Uber acquires Middle East rival Careem for $3.1bn
Ride-hailing company says deal is expected to close in the first quarter of 2020 and start-up will operate as an independent company under its own brand
Ride-hailing company Uber Technologies has agreed to buy Middle East-focused rival operator Careem for $3.1bn (R44.4bn).
Uber said in a statement on its website that Careem would become a wholly-owned subsidiary but would operate as an independent company under its own brand, and led by its founders.
The deal, subject to regulatory approvals, is expected to close in the first quarter of 2020, Uber said.
“This is an important moment for Uber as we continue to expand the strength of our platform around the world,” CEO Dara Khosrowshahi said in a statement.
Careem was “one of the most successful start-ups” in the Middle East, Khosrowshahi said.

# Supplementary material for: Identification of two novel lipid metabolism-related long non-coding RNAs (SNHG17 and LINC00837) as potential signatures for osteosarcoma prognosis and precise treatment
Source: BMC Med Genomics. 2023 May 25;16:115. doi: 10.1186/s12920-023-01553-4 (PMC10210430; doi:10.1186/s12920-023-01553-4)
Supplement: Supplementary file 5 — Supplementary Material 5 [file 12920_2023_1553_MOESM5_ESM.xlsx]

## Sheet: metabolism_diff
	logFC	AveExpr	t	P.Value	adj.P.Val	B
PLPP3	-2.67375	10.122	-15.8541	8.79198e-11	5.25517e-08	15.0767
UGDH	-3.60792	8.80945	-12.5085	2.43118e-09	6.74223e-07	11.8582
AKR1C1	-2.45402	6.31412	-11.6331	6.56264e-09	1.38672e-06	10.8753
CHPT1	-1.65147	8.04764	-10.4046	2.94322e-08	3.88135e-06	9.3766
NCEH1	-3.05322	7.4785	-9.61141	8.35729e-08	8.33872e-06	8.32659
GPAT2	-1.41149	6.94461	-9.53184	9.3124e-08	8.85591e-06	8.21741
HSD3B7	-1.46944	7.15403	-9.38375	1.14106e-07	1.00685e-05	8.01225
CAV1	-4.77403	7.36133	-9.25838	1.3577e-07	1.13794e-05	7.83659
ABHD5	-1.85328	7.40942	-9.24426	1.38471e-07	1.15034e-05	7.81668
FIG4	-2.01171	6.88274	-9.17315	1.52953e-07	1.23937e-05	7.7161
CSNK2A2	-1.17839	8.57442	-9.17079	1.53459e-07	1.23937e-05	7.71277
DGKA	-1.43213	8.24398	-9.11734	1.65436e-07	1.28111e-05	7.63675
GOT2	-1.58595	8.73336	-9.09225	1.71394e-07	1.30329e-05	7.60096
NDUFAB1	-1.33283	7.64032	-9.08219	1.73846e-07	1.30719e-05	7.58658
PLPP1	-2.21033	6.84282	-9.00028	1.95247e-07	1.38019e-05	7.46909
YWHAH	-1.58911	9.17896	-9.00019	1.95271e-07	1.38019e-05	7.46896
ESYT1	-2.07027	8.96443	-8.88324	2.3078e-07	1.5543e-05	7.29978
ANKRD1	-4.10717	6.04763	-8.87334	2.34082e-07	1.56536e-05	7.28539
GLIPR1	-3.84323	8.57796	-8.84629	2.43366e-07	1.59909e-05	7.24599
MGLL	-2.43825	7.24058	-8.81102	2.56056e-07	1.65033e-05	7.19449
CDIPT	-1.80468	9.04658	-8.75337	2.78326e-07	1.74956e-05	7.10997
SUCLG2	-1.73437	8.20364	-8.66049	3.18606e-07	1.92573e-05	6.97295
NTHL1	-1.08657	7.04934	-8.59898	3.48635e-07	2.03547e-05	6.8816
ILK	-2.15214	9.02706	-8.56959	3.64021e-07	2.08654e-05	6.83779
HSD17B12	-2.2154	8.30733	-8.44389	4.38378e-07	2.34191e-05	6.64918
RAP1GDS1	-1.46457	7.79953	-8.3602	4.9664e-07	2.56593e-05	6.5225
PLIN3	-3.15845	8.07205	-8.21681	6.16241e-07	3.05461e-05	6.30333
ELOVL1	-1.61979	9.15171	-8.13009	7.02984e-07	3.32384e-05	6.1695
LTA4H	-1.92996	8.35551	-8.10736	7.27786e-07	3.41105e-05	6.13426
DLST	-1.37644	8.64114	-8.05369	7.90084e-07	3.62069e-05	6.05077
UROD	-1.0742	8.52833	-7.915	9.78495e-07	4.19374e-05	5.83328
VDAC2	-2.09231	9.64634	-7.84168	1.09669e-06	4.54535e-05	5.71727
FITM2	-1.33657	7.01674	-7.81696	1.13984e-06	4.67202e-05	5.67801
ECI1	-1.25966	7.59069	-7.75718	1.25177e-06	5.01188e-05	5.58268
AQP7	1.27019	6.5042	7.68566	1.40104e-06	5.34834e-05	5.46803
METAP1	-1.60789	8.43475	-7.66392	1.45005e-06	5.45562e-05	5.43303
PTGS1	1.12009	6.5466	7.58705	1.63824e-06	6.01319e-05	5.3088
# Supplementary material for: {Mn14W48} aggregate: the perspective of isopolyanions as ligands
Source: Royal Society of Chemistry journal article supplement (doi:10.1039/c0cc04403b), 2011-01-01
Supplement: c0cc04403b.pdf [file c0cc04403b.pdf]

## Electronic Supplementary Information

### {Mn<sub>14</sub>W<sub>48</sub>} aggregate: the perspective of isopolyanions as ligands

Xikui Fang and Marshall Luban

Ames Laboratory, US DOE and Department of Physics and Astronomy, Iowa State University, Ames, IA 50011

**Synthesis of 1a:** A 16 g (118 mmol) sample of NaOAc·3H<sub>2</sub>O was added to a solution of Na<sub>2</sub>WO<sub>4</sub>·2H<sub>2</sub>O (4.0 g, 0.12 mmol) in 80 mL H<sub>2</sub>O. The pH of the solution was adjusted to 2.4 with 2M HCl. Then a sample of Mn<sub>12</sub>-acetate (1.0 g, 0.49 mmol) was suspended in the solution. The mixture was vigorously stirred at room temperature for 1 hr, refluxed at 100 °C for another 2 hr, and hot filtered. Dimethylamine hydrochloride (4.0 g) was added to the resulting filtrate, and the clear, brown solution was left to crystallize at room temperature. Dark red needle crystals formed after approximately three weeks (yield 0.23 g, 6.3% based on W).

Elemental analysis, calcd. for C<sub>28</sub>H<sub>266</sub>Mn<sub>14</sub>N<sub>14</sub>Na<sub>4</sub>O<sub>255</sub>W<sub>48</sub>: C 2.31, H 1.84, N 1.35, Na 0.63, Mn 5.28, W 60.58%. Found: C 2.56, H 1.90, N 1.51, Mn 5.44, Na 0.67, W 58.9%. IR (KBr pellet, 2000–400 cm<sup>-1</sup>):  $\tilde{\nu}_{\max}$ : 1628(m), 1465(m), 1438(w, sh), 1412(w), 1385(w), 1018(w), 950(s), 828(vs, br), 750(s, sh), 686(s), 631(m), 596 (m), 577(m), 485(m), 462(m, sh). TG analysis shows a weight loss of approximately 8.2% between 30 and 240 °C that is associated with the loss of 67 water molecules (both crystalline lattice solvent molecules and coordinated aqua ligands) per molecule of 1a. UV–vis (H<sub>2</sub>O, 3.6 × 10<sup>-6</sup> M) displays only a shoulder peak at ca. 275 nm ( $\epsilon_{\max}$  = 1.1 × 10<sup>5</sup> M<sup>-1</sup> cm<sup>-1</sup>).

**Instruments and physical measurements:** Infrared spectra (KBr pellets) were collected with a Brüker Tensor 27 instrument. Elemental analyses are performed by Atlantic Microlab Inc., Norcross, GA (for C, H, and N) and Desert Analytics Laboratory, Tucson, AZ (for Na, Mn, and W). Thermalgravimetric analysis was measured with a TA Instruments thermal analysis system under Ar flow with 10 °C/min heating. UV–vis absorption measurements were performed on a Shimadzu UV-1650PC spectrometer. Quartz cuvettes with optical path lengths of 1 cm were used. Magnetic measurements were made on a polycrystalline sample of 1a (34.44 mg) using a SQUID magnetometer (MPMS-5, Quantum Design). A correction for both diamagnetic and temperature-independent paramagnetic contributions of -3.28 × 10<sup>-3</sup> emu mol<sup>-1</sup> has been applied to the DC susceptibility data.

He said in a letter to employees that keeping Careem as an independent brand “has the advantage of letting us build new products and try new ideas across not one, but two, strong brands, with strong operators within each”.
Uber is expected to make its listing plans public in coming weeks, according to a recent Bloomberg report. The company is expected to have a valuation of at least $100bn.
It will settle the Careem acquisition using $1.7bn in convertible notes and $1.4bn in cash.
Established in July 2012, Careem operates in 120 cities across 15 countries, including the United Arab Emirates, Qatar, Saudi Arabia, Bahrain, Lebanon, Pakistan, Kuwait, Egypt, Morocco, Jordan, Turkey, Palestine, Iraq and Sudan.
JSE-listed mobile operator MTN has a large stake in a popular ride-hailing app in Iran, called Snapp.
The app, which operates mainly in Tehran, was launched in 2014 as Iran’s answer to Uber, which is banned in that country.
MTN has other ride-hailing interests in the Middle East, including a platform called Easy Taxi.